Modeling the Effects of Warning Lead Time, Warning Reliability and Warning Style on Human Performance Under Connected Vehicle Settings

Deaths and injuries resulted from traffic accidents is still a major public health problem. Recent advances in connected vehicle technology support a connected driving environment in which vehicles are enabled to communicate with each other and with roadside infrastructures via Dedicated Short Range Communication (DSRC). Connected vehicle safety applications supported by this technology allow drivers to learn about the traffic situations out of their sight and ahead of time so that drivers are warned early enough to make proper responses. As the connected vehicle systems (CVS) are designed with an aim to improving driver safety, the effectiveness of the CVS can not be achieved without drivers making proper responses in responding to the wireless warnings. Therefore, it is essential to understand and model the mechanism for human processing and responding to warnings from connected vehicle systems, and apply the driver model to optimize the design the CVS at the interface level and the communication level. Queuing Network-Model Human Processor (QN-MHP) is a computational framework that integrates three discrete serial stages of human information processing (i.e., perceptual, cognitive, and motor processing) into three continuous subnetworks. Each subnetwork is constructed of multiple servers and links among these servers. Each individual server is an abstraction of a brain area with specific functions, and links among servers represent neural pathways among functional brain areas. The neurological processing of stimuli is illustrated in the transformation of entities passing through routes in QN-MHP. Since this architecture was established, QN-MHP has been applied to quantify various aspects of aspects of driver behavior and performance, including speed control (Bi & Liu, 2009; Zhao & Wu, 2013b), lateral control (Bi et al., 2012; Bi et al., 2013), driver distraction (Bi et al., 2012; Fuller, Reed & Liu, 2012; Liu, Feyen & Tsimhoni, 2006), and driver workload (Wu & Liu, 2007; Wu et al., 2008). Most of the driver model built upon QN-MHP focused on the modeling of driver performance in normal driving situation. In a previous work of authors, a mathematical model was developed to predict the effects of warning loudness, word choice, and lead time on drivers’ warning reaction time (Zhang, Wu, & Wan, 2016). The current research focused on the development of a mathematical model based on QN-MHP to quantify and predict driver performance in responding to warnings from connected vehicle systems, including warning response time and the selection of warning response type. The model also quantified the effects of important warning characteristics in connected vehicle systems, including warning reliability, warning lead time, and speech warning style. The model was validated via an experimental study indicating its good predictability of driver behavior and performance in connected vehicle systems. In particular, the model was able to explain 68.83% of the warning response type in the initial trial of the experiment with a root mean square error (RMSE) of 0.18. By adding the warning effect on the probability of a response type through trials, the model was able to explain 65.13% of the warning response type in the initial trial of the experiment with a root mean square error (RMSE) of 0.16. In terms of warning response time, the model prediction of warning response time under different warning reliability, style and lead time were very similar to the response time results from the experiments. The model was able to explain 88.30% of the experimental response time in average with a root mean square error (RMSE) of 0.16s. The developed driver model could be applied to optimize the design of the connected vehicle systems based on driver.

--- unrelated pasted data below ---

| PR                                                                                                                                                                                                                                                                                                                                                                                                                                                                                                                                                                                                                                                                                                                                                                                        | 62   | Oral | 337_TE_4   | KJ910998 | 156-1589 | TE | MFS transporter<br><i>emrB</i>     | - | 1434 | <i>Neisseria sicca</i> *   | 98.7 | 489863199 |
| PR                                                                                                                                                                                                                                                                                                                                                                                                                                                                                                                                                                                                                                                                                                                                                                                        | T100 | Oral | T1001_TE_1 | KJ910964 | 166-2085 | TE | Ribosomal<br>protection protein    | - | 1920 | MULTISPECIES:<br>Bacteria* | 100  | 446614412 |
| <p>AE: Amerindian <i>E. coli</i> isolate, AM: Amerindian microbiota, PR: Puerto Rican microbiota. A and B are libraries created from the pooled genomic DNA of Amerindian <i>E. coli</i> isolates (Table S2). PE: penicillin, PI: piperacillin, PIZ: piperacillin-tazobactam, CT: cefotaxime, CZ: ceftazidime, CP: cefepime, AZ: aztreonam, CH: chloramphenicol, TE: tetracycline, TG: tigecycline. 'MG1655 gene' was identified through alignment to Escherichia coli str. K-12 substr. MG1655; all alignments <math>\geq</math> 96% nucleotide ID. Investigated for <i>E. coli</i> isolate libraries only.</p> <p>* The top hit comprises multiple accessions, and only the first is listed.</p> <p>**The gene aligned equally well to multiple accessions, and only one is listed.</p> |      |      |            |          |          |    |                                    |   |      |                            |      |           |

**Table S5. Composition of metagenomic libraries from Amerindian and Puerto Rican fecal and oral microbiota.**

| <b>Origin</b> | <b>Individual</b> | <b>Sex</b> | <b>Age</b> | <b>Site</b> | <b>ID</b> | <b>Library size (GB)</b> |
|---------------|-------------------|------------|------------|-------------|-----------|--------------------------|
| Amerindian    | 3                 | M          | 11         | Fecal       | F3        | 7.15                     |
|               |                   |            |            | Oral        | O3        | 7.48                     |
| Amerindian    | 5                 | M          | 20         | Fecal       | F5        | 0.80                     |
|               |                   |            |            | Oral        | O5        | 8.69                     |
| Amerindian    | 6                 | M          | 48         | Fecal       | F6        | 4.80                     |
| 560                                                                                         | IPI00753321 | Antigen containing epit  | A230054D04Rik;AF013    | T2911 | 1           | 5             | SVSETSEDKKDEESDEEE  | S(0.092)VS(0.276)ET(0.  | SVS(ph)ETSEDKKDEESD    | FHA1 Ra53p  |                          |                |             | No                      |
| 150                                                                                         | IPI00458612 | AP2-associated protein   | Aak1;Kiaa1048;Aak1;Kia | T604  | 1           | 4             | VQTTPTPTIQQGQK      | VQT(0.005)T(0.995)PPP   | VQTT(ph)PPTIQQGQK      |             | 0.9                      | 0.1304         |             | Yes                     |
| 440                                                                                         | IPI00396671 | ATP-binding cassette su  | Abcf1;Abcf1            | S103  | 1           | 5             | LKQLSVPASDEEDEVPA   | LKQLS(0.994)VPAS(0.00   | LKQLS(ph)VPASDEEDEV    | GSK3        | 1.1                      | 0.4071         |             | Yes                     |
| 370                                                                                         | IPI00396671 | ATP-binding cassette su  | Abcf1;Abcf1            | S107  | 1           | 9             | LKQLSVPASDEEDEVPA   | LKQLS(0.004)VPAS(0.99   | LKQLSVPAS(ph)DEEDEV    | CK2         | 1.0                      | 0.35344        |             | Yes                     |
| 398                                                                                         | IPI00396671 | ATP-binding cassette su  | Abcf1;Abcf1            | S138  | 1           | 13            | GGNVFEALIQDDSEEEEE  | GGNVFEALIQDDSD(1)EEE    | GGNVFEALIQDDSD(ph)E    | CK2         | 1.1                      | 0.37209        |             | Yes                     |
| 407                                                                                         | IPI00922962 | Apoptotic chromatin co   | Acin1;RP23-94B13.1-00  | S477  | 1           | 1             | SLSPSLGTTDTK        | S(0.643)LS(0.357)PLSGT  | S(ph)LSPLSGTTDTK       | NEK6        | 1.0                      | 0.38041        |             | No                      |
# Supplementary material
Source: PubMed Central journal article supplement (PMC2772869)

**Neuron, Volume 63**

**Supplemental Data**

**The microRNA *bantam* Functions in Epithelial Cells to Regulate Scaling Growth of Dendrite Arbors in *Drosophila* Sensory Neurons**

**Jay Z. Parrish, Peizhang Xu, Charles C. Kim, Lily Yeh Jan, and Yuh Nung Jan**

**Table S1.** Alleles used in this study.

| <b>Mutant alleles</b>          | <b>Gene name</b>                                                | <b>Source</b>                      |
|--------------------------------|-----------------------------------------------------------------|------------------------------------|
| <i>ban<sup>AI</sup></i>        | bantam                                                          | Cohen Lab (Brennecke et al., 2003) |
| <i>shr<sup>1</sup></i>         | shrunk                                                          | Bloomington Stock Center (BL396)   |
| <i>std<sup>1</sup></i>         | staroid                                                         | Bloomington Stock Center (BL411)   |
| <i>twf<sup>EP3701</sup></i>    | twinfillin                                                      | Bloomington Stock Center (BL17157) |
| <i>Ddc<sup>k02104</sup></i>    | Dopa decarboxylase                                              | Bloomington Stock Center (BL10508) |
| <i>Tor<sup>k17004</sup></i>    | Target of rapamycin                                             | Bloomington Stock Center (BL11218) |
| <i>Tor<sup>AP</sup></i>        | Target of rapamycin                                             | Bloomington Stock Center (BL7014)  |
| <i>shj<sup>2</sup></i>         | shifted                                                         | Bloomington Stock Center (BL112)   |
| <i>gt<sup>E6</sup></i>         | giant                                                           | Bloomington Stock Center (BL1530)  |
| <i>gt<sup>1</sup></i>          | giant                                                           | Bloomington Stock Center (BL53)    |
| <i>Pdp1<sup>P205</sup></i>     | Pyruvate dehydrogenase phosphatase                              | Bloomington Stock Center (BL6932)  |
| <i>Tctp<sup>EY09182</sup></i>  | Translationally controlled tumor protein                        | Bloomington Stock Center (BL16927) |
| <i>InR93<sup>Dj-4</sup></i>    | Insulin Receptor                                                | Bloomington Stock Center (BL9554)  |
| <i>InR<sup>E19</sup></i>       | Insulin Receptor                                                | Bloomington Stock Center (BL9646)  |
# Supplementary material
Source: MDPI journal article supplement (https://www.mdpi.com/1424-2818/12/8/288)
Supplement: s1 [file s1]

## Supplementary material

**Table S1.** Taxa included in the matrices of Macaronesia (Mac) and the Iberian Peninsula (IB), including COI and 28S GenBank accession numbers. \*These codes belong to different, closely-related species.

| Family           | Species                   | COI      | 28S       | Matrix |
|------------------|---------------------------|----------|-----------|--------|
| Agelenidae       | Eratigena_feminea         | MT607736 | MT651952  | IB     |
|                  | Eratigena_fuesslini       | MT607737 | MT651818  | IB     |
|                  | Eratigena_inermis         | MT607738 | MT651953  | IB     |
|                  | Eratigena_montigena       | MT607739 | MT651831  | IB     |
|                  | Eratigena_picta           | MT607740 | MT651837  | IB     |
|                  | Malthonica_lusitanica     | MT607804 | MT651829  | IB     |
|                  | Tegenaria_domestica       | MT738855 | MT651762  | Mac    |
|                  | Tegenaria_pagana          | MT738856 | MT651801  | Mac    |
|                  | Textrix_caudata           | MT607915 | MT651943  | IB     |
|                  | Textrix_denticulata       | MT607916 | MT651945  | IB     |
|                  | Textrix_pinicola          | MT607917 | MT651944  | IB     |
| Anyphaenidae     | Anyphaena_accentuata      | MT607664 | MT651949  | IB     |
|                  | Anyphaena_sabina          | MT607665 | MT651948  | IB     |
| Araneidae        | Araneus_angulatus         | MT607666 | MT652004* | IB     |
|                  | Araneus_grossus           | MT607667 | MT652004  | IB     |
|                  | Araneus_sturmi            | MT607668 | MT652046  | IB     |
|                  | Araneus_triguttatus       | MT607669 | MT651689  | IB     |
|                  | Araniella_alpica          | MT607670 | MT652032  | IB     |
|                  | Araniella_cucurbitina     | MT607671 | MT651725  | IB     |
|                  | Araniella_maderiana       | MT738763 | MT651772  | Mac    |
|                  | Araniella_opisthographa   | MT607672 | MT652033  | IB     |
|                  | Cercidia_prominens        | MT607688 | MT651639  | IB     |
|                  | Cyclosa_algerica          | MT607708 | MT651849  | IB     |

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  • Accession Number: 01707962
  • Record Type: Publication
  • Files: TRIS
  • Created Date: May 24 2019 4:23PM